Nevada Developing Political Power

In 1998 an effort backed by Spanish-language media to increase Latino voters resulted in the registering of 3,000 new Mexican American voters in Clark County. From March to September, 2,000 volunteers with the Project 2000 Voter Registration Campaign worked feverishly going door-to-door to register Latino voters for the November presidential election with the slogan Su voto es su voz (Your vote is your voice). Voter registration efforts by the Mexican American community and other Latino groups in Nevada are expected to continue for future elections.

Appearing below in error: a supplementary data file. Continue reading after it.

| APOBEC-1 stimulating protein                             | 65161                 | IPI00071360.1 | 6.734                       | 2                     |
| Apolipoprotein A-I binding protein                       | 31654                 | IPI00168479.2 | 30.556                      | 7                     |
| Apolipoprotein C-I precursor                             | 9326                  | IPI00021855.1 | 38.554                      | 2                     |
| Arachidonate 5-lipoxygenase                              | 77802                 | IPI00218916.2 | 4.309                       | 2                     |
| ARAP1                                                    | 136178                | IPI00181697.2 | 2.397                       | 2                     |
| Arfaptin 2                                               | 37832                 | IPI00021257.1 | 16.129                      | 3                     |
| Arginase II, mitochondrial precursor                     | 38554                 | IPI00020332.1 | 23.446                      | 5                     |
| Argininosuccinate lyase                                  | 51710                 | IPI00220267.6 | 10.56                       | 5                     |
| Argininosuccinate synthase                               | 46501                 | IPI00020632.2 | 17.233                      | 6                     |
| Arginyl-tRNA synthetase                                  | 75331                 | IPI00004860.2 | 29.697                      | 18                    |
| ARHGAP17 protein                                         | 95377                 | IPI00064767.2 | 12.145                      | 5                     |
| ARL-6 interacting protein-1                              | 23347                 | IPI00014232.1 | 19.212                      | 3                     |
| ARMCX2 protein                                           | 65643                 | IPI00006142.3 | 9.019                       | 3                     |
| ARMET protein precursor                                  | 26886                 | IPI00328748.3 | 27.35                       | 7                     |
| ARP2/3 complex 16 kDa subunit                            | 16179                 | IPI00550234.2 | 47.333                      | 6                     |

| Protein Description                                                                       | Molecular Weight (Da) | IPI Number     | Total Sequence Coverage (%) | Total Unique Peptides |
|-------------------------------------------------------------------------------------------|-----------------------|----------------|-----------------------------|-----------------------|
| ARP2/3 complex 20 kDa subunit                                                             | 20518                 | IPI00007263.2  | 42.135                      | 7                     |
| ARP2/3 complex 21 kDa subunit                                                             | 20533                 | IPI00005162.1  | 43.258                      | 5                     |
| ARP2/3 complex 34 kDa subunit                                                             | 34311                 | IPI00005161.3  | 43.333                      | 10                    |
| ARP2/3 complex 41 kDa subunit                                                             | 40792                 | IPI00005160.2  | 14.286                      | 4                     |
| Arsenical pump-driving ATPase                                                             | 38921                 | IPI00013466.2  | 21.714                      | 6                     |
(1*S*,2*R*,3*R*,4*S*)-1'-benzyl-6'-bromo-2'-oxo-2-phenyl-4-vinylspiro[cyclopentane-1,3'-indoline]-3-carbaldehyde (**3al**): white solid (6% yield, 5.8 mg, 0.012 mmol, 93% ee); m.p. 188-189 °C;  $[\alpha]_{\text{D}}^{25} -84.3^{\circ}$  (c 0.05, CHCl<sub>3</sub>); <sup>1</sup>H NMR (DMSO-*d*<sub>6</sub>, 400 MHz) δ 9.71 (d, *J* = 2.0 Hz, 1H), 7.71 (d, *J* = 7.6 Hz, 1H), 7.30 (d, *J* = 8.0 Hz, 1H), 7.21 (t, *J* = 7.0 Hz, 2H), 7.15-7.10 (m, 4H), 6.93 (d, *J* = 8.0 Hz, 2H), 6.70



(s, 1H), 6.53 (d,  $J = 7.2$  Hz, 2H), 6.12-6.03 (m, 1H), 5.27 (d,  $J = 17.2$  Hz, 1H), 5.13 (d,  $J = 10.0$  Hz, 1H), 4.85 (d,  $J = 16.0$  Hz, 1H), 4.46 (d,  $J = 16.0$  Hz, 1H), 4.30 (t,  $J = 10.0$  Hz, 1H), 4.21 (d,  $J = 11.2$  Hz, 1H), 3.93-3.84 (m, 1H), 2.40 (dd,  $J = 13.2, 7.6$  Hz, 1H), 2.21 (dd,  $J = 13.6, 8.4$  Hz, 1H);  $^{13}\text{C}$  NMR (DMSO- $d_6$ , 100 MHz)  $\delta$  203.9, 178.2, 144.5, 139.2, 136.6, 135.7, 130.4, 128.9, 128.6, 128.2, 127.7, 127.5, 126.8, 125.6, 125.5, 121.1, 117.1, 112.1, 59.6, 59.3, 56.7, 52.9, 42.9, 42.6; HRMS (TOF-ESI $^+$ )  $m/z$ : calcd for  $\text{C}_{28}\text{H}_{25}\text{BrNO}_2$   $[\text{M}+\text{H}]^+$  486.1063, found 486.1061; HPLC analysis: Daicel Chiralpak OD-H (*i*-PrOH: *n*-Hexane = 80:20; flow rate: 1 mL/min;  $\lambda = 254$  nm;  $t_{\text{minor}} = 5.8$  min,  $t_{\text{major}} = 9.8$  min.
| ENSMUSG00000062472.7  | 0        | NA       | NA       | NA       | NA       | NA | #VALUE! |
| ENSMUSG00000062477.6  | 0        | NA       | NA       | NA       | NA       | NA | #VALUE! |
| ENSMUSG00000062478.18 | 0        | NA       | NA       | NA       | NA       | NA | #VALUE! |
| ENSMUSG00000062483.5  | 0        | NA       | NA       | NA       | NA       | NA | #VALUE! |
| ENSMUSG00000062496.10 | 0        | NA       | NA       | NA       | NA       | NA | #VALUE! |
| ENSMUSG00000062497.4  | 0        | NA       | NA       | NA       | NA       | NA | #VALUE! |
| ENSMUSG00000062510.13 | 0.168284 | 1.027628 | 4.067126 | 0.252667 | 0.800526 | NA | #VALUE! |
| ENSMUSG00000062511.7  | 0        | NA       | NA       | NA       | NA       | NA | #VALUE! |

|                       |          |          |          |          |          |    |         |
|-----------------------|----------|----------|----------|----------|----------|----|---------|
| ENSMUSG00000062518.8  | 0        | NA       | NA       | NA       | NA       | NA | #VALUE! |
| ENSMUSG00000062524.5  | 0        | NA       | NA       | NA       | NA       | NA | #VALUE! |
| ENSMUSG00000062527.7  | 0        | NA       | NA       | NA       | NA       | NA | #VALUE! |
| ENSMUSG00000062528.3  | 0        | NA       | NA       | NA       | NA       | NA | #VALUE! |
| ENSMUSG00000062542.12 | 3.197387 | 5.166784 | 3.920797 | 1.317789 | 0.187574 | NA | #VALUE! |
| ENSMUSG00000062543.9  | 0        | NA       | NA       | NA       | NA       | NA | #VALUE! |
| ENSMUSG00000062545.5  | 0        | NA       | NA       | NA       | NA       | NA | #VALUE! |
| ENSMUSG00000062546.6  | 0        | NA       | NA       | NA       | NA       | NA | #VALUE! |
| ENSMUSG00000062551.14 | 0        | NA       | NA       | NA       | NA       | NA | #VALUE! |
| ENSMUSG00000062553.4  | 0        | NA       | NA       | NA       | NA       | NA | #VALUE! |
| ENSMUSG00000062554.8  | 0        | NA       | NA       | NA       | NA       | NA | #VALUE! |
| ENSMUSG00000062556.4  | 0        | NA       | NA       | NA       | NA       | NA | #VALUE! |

Furthermore, the involvement of young Latinos in Clark County’s political arena appears to be increasing. The organizations Hispanics in Politics (HIP) the political arm of the Latin Chamber of Commerce and Alianza Latina deserve some credit for this increased involvement. Both organizations encourage Latino youth to become involved in every aspect of political life through registering voters, doing campaign volunteer work, and even running for political office.

Historically, Latinos in Nevada have had a very low voter registration rate. In the case of Mexican Americans this is explained by a number of factors: (1) many are not U.S. citizens; therefore, they are not allowed to vote; (2) many are not proficient in English; (3) discrimination discourages their voting; and (4) many are more concerned with daily survival. However, as the Latino population grows and registers to vote, getting Latinos elected is becoming easier.

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